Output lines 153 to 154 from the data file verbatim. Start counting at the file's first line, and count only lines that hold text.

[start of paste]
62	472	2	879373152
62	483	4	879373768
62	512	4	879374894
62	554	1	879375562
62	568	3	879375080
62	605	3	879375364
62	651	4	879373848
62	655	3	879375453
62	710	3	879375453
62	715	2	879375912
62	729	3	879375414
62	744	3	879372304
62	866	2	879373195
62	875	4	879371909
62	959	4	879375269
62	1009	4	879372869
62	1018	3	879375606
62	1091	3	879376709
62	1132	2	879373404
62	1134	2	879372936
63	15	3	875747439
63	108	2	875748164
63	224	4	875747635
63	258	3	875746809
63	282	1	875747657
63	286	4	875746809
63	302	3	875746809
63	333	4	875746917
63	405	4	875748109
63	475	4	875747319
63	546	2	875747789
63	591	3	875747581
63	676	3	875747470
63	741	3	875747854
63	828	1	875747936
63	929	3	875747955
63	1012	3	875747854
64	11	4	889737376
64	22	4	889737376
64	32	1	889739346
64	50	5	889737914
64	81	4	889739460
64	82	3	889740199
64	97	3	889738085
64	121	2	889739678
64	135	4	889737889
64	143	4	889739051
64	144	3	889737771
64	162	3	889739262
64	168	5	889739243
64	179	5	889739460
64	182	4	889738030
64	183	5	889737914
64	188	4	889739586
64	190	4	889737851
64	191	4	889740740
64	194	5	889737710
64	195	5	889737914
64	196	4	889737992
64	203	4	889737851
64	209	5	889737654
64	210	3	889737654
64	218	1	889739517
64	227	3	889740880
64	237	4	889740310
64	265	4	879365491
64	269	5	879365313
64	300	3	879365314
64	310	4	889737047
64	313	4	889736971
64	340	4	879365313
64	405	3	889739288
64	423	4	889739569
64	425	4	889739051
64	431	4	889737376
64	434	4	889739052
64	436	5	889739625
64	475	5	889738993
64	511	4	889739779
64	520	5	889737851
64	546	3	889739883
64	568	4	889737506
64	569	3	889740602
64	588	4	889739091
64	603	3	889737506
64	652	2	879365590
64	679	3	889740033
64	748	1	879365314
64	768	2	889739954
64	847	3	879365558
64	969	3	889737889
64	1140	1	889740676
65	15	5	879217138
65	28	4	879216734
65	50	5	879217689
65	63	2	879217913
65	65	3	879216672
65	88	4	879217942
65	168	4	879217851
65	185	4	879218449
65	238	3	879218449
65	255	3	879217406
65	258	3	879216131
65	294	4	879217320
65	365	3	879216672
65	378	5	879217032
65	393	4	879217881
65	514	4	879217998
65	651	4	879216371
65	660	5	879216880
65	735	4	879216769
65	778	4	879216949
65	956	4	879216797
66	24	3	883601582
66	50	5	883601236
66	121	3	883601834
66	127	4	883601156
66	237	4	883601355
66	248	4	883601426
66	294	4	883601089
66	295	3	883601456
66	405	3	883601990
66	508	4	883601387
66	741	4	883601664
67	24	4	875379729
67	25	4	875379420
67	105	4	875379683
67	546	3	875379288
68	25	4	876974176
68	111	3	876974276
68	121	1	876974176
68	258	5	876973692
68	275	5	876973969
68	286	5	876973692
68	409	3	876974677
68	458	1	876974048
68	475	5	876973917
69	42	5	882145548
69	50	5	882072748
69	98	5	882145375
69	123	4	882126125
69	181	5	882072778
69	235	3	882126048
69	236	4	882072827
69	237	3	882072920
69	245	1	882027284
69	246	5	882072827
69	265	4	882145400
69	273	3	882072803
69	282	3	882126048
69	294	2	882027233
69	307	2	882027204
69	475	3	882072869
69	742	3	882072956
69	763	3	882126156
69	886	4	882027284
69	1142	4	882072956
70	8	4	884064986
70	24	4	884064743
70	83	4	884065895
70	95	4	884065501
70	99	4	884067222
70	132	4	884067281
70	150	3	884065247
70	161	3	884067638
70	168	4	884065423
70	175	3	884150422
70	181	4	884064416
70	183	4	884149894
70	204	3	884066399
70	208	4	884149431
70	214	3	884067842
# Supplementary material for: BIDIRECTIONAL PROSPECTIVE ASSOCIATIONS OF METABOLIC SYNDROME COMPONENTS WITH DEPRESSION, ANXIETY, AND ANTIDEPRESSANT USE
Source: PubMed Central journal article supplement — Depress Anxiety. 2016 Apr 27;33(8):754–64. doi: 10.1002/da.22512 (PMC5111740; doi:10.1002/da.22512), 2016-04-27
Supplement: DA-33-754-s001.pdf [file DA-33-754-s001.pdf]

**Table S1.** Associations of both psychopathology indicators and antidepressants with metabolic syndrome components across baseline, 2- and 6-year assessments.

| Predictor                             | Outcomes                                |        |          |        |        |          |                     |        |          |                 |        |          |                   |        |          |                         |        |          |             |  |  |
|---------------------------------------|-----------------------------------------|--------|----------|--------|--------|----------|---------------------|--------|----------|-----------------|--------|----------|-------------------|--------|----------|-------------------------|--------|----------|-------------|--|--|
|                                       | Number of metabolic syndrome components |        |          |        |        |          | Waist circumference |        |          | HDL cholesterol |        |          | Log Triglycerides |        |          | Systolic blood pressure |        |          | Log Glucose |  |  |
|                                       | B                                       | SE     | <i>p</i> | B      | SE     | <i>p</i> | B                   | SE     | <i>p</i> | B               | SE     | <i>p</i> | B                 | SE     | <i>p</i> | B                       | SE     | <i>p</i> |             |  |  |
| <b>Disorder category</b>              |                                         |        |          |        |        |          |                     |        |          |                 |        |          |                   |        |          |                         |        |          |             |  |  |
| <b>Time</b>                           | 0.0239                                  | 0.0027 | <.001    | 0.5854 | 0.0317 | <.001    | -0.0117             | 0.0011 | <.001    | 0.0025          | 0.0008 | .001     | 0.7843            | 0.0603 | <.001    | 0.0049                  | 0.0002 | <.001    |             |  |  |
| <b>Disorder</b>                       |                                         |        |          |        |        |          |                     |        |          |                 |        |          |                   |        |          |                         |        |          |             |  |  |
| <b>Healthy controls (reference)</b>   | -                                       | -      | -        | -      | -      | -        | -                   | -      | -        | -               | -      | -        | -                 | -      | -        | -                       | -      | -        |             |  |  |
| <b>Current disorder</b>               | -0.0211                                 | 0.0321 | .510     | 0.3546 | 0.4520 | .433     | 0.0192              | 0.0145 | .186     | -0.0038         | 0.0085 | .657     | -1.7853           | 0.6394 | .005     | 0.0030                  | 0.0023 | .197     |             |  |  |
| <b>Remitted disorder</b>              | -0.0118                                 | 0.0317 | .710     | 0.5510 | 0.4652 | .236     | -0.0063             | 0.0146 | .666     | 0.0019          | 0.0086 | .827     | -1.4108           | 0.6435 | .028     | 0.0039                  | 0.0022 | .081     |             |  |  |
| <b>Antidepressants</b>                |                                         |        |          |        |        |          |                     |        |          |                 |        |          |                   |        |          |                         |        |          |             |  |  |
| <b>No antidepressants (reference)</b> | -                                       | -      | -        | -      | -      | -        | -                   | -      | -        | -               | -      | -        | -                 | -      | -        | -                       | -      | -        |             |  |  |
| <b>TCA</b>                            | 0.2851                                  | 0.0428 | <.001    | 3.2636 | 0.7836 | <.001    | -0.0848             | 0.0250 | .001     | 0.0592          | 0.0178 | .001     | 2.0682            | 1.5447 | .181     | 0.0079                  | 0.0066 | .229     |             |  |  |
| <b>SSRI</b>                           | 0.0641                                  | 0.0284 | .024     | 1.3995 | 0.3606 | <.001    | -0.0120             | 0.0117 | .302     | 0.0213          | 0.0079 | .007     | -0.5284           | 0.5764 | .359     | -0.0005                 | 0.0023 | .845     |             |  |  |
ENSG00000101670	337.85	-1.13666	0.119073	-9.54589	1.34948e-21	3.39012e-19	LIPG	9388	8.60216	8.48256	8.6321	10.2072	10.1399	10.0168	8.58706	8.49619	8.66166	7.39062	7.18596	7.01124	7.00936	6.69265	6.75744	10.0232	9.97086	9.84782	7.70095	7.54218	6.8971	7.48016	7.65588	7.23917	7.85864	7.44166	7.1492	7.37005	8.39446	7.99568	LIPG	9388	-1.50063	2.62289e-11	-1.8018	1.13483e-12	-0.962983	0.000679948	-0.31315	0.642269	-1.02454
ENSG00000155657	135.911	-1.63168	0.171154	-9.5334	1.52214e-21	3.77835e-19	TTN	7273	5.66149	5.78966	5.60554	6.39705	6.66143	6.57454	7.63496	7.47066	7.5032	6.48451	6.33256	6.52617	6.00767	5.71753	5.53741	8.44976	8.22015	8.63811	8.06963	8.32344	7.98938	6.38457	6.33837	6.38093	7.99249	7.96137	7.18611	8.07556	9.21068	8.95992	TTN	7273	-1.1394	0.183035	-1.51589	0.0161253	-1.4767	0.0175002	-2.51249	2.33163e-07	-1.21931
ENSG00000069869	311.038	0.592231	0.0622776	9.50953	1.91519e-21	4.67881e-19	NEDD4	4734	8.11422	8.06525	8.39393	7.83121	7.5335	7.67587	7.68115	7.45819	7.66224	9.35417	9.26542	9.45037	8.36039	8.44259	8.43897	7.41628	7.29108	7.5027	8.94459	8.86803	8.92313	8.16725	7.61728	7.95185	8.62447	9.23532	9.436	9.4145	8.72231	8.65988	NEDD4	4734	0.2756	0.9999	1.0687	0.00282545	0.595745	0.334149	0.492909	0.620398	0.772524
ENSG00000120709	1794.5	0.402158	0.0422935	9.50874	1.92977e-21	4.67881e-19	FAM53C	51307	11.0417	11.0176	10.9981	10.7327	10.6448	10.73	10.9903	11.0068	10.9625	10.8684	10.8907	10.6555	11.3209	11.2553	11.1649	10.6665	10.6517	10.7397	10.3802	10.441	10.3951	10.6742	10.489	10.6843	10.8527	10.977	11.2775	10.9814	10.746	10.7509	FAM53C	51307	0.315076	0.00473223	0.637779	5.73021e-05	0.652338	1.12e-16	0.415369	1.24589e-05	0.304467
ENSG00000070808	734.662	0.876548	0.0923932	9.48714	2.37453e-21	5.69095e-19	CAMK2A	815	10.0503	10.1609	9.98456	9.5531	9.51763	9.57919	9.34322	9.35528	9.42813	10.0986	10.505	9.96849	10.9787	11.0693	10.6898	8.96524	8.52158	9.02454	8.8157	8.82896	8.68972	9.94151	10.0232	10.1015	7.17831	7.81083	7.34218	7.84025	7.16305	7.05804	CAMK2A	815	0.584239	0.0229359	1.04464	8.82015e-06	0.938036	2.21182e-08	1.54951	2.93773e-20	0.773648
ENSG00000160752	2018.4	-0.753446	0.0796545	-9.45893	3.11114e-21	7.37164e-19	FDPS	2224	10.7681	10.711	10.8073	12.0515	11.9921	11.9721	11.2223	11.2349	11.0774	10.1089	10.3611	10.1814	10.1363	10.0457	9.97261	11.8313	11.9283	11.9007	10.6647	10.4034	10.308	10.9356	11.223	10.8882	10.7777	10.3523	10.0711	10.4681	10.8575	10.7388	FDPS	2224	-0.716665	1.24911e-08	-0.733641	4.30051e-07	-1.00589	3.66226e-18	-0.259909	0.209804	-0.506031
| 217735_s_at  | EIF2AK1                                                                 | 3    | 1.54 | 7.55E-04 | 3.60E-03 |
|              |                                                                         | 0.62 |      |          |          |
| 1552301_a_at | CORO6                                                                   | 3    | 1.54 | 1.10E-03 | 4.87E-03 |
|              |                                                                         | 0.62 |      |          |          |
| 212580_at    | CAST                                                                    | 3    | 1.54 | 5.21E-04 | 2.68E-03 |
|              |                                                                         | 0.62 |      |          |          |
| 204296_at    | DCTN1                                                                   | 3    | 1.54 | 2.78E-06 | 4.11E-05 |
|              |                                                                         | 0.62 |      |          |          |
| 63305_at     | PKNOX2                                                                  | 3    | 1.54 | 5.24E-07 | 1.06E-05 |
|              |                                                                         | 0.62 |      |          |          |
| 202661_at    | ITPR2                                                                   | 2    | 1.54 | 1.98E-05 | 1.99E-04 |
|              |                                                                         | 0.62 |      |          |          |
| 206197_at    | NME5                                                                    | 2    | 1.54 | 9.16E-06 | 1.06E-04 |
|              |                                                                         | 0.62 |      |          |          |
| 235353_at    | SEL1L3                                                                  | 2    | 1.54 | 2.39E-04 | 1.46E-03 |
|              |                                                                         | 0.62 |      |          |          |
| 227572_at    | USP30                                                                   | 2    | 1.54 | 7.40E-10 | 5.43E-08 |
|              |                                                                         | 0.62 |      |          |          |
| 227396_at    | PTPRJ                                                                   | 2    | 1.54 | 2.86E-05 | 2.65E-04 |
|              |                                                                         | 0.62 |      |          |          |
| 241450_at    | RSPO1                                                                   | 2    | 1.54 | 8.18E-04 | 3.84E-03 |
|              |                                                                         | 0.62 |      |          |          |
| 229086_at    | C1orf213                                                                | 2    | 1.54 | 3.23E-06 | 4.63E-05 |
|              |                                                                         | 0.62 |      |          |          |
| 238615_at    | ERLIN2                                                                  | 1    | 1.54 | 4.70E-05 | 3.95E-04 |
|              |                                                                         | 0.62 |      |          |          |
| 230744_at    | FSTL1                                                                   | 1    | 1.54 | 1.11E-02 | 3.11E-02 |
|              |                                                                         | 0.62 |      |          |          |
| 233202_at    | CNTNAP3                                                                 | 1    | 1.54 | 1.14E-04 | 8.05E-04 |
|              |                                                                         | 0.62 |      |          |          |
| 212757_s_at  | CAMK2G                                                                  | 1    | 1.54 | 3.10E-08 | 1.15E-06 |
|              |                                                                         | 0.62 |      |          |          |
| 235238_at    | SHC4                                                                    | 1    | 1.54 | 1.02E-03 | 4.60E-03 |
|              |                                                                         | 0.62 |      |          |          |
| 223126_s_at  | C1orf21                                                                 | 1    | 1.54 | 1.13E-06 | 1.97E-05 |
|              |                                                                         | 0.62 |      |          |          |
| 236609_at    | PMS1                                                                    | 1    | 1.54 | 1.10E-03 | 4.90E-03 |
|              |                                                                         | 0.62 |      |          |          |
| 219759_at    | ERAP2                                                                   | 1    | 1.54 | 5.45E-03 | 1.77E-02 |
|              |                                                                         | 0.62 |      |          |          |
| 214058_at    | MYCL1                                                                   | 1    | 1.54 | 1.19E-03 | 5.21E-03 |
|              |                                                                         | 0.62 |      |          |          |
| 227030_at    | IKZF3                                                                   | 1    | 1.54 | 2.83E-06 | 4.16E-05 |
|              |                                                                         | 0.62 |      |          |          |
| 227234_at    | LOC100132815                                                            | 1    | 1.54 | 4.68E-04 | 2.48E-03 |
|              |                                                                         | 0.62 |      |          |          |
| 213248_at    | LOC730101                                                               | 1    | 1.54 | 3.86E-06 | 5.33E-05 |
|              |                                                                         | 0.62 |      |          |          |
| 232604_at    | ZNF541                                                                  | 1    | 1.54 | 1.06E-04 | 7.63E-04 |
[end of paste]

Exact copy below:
69	475	3	882072869
69	742	3	882072956